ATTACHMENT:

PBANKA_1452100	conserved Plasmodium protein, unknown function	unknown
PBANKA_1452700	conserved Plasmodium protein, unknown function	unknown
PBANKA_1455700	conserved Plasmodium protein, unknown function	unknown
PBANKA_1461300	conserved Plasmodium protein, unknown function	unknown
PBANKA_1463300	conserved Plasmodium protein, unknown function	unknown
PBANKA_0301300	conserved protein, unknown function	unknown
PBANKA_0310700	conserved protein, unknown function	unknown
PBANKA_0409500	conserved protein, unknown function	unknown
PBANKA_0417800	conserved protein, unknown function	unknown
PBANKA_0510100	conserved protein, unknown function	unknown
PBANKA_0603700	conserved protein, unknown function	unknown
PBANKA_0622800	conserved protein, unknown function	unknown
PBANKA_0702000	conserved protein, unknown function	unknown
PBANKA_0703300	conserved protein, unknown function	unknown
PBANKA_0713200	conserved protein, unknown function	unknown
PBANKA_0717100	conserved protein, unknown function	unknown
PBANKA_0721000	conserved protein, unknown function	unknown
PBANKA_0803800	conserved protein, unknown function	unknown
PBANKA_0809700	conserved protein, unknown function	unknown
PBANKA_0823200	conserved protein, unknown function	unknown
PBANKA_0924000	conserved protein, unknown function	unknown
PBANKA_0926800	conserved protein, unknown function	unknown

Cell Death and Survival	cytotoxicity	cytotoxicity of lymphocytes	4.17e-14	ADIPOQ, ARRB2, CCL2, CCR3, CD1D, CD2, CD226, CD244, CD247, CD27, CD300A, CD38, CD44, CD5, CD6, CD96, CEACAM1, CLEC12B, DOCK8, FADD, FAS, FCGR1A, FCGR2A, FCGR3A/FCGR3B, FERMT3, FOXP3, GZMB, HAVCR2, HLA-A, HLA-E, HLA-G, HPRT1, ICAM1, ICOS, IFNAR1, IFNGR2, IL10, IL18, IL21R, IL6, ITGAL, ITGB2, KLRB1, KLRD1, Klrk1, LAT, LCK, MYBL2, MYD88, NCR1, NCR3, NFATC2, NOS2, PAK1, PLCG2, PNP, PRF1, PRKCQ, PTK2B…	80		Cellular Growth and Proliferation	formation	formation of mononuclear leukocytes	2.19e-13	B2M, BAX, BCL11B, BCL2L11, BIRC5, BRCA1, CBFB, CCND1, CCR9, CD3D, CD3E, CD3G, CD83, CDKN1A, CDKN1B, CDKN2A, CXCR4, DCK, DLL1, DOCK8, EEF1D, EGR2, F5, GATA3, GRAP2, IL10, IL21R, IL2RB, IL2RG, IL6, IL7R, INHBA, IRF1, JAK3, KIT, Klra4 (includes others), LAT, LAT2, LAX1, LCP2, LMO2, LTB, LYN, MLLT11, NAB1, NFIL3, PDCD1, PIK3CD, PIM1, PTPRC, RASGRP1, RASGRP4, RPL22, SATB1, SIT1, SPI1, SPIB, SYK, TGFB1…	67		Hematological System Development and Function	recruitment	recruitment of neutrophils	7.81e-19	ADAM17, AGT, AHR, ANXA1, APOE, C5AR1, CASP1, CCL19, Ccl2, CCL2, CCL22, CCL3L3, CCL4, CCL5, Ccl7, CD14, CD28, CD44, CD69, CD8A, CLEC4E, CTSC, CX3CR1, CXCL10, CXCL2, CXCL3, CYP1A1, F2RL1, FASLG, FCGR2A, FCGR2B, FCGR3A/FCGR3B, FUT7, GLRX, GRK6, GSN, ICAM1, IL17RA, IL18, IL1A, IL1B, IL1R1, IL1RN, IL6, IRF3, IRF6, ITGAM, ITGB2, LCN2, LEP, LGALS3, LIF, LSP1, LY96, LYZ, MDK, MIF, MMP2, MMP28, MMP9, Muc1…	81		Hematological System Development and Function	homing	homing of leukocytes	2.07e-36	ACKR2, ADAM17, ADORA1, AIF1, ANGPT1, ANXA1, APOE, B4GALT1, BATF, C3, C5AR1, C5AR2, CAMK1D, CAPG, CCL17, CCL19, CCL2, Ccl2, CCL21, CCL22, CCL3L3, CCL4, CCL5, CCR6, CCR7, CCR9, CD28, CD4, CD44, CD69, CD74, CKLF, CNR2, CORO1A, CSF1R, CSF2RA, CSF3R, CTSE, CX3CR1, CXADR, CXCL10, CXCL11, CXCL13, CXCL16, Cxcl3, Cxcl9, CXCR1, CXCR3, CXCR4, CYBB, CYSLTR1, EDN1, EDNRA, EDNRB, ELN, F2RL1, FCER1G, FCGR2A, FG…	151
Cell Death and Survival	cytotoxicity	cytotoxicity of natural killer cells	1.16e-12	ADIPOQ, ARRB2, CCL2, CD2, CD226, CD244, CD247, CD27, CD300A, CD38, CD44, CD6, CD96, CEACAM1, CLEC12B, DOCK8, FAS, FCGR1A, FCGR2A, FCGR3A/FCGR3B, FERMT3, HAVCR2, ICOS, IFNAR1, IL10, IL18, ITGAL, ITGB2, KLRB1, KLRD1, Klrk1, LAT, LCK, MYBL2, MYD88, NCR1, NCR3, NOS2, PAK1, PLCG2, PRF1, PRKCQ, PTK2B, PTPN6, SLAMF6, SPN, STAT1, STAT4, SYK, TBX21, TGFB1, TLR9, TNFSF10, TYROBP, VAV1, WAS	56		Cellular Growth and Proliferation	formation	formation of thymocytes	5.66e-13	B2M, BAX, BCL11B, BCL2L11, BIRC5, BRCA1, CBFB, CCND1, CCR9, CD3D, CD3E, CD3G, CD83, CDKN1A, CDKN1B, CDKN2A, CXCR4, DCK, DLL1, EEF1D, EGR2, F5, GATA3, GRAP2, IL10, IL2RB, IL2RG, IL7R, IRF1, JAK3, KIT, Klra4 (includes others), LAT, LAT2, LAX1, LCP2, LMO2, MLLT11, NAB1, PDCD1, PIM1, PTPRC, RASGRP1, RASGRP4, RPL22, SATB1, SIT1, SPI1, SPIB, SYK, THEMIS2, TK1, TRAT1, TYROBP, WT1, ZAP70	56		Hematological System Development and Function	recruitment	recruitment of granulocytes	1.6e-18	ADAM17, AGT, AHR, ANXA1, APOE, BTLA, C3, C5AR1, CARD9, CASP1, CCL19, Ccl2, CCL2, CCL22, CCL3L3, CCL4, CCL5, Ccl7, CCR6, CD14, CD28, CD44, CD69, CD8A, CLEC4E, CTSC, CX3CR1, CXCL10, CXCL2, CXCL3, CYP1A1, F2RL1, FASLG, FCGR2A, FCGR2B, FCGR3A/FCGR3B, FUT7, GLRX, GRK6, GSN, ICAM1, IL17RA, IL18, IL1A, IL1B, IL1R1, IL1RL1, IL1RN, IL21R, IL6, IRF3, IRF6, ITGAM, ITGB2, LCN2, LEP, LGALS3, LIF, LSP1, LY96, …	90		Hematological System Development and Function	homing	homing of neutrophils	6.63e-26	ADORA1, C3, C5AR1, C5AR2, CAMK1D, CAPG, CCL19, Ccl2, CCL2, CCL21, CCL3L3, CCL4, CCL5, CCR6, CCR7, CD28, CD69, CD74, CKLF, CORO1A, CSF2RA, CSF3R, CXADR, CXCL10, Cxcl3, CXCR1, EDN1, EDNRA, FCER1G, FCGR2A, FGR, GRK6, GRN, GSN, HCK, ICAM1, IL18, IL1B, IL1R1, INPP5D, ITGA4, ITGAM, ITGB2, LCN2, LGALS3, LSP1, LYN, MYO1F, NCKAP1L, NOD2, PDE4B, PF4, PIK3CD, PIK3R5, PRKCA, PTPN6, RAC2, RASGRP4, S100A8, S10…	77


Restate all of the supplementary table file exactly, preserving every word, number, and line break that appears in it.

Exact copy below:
PBANKA_1452100	conserved Plasmodium protein, unknown function	unknown
PBANKA_1452700	conserved Plasmodium protein, unknown function	unknown
PBANKA_1455700	conserved Plasmodium protein, unknown function	unknown
PBANKA_1461300	conserved Plasmodium protein, unknown function	unknown
PBANKA_1463300	conserved Plasmodium protein, unknown function	unknown
PBANKA_0301300	conserved protein, unknown function	unknown
PBANKA_0310700	conserved protein, unknown function	unknown
PBANKA_0409500	conserved protein, unknown function	unknown
PBANKA_0417800	conserved protein, unknown function	unknown
PBANKA_0510100	conserved protein, unknown function	unknown
PBANKA_0603700	conserved protein, unknown function	unknown
PBANKA_0622800	conserved protein, unknown function	unknown
PBANKA_0702000	conserved protein, unknown function	unknown
PBANKA_0703300	conserved protein, unknown function	unknown
PBANKA_0713200	conserved protein, unknown function	unknown
PBANKA_0717100	conserved protein, unknown function	unknown
PBANKA_0721000	conserved protein, unknown function	unknown
PBANKA_0803800	conserved protein, unknown function	unknown
PBANKA_0809700	conserved protein, unknown function	unknown
PBANKA_0823200	conserved protein, unknown function	unknown
PBANKA_0924000	conserved protein, unknown function	unknown
PBANKA_0926800	conserved protein, unknown function	unknown

Cell Death and Survival	cytotoxicity	cytotoxicity of lymphocytes	4.17e-14	ADIPOQ, ARRB2, CCL2, CCR3, CD1D, CD2, CD226, CD244, CD247, CD27, CD300A, CD38, CD44, CD5, CD6, CD96, CEACAM1, CLEC12B, DOCK8, FADD, FAS, FCGR1A, FCGR2A, FCGR3A/FCGR3B, FERMT3, FOXP3, GZMB, HAVCR2, HLA-A, HLA-E, HLA-G, HPRT1, ICAM1, ICOS, IFNAR1, IFNGR2, IL10, IL18, IL21R, IL6, ITGAL, ITGB2, KLRB1, KLRD1, Klrk1, LAT, LCK, MYBL2, MYD88, NCR1, NCR3, NFATC2, NOS2, PAK1, PLCG2, PNP, PRF1, PRKCQ, PTK2B…	80		Cellular Growth and Proliferation	formation	formation of mononuclear leukocytes	2.19e-13	B2M, BAX, BCL11B, BCL2L11, BIRC5, BRCA1, CBFB, CCND1, CCR9, CD3D, CD3E, CD3G, CD83, CDKN1A, CDKN1B, CDKN2A, CXCR4, DCK, DLL1, DOCK8, EEF1D, EGR2, F5, GATA3, GRAP2, IL10, IL21R, IL2RB, IL2RG, IL6, IL7R, INHBA, IRF1, JAK3, KIT, Klra4 (includes others), LAT, LAT2, LAX1, LCP2, LMO2, LTB, LYN, MLLT11, NAB1, NFIL3, PDCD1, PIK3CD, PIM1, PTPRC, RASGRP1, RASGRP4, RPL22, SATB1, SIT1, SPI1, SPIB, SYK, TGFB1…	67		Hematological System Development and Function	recruitment	recruitment of neutrophils	7.81e-19	ADAM17, AGT, AHR, ANXA1, APOE, C5AR1, CASP1, CCL19, Ccl2, CCL2, CCL22, CCL3L3, CCL4, CCL5, Ccl7, CD14, CD28, CD44, CD69, CD8A, CLEC4E, CTSC, CX3CR1, CXCL10, CXCL2, CXCL3, CYP1A1, F2RL1, FASLG, FCGR2A, FCGR2B, FCGR3A/FCGR3B, FUT7, GLRX, GRK6, GSN, ICAM1, IL17RA, IL18, IL1A, IL1B, IL1R1, IL1RN, IL6, IRF3, IRF6, ITGAM, ITGB2, LCN2, LEP, LGALS3, LIF, LSP1, LY96, LYZ, MDK, MIF, MMP2, MMP28, MMP9, Muc1…	81		Hematological System Development and Function	homing	homing of leukocytes	2.07e-36	ACKR2, ADAM17, ADORA1, AIF1, ANGPT1, ANXA1, APOE, B4GALT1, BATF, C3, C5AR1, C5AR2, CAMK1D, CAPG, CCL17, CCL19, CCL2, Ccl2, CCL21, CCL22, CCL3L3, CCL4, CCL5, CCR6, CCR7, CCR9, CD28, CD4, CD44, CD69, CD74, CKLF, CNR2, CORO1A, CSF1R, CSF2RA, CSF3R, CTSE, CX3CR1, CXADR, CXCL10, CXCL11, CXCL13, CXCL16, Cxcl3, Cxcl9, CXCR1, CXCR3, CXCR4, CYBB, CYSLTR1, EDN1, EDNRA, EDNRB, ELN, F2RL1, FCER1G, FCGR2A, FG…	151
Cell Death and Survival	cytotoxicity	cytotoxicity of natural killer cells	1.16e-12	ADIPOQ, ARRB2, CCL2, CD2, CD226, CD244, CD247, CD27, CD300A, CD38, CD44, CD6, CD96, CEACAM1, CLEC12B, DOCK8, FAS, FCGR1A, FCGR2A, FCGR3A/FCGR3B, FERMT3, HAVCR2, ICOS, IFNAR1, IL10, IL18, ITGAL, ITGB2, KLRB1, KLRD1, Klrk1, LAT, LCK, MYBL2, MYD88, NCR1, NCR3, NOS2, PAK1, PLCG2, PRF1, PRKCQ, PTK2B, PTPN6, SLAMF6, SPN, STAT1, STAT4, SYK, TBX21, TGFB1, TLR9, TNFSF10, TYROBP, VAV1, WAS	56		Cellular Growth and Proliferation	formation	formation of thymocytes	5.66e-13	B2M, BAX, BCL11B, BCL2L11, BIRC5, BRCA1, CBFB, CCND1, CCR9, CD3D, CD3E, CD3G, CD83, CDKN1A, CDKN1B, CDKN2A, CXCR4, DCK, DLL1, EEF1D, EGR2, F5, GATA3, GRAP2, IL10, IL2RB, IL2RG, IL7R, IRF1, JAK3, KIT, Klra4 (includes others), LAT, LAT2, LAX1, LCP2, LMO2, MLLT11, NAB1, PDCD1, PIM1, PTPRC, RASGRP1, RASGRP4, RPL22, SATB1, SIT1, SPI1, SPIB, SYK, THEMIS2, TK1, TRAT1, TYROBP, WT1, ZAP70	56		Hematological System Development and Function	recruitment	recruitment of granulocytes	1.6e-18	ADAM17, AGT, AHR, ANXA1, APOE, BTLA, C3, C5AR1, CARD9, CASP1, CCL19, Ccl2, CCL2, CCL22, CCL3L3, CCL4, CCL5, Ccl7, CCR6, CD14, CD28, CD44, CD69, CD8A, CLEC4E, CTSC, CX3CR1, CXCL10, CXCL2, CXCL3, CYP1A1, F2RL1, FASLG, FCGR2A, FCGR2B, FCGR3A/FCGR3B, FUT7, GLRX, GRK6, GSN, ICAM1, IL17RA, IL18, IL1A, IL1B, IL1R1, IL1RL1, IL1RN, IL21R, IL6, IRF3, IRF6, ITGAM, ITGB2, LCN2, LEP, LGALS3, LIF, LSP1, LY96, …	90		Hematological System Development and Function	homing	homing of neutrophils	6.63e-26	ADORA1, C3, C5AR1, C5AR2, CAMK1D, CAPG, CCL19, Ccl2, CCL2, CCL21, CCL3L3, CCL4, CCL5, CCR6, CCR7, CD28, CD69, CD74, CKLF, CORO1A, CSF2RA, CSF3R, CXADR, CXCL10, Cxcl3, CXCR1, EDN1, EDNRA, FCER1G, FCGR2A, FGR, GRK6, GRN, GSN, HCK, ICAM1, IL18, IL1B, IL1R1, INPP5D, ITGA4, ITGAM, ITGB2, LCN2, LGALS3, LSP1, LYN, MYO1F, NCKAP1L, NOD2, PDE4B, PF4, PIK3CD, PIK3R5, PRKCA, PTPN6, RAC2, RASGRP4, S100A8, S10…	77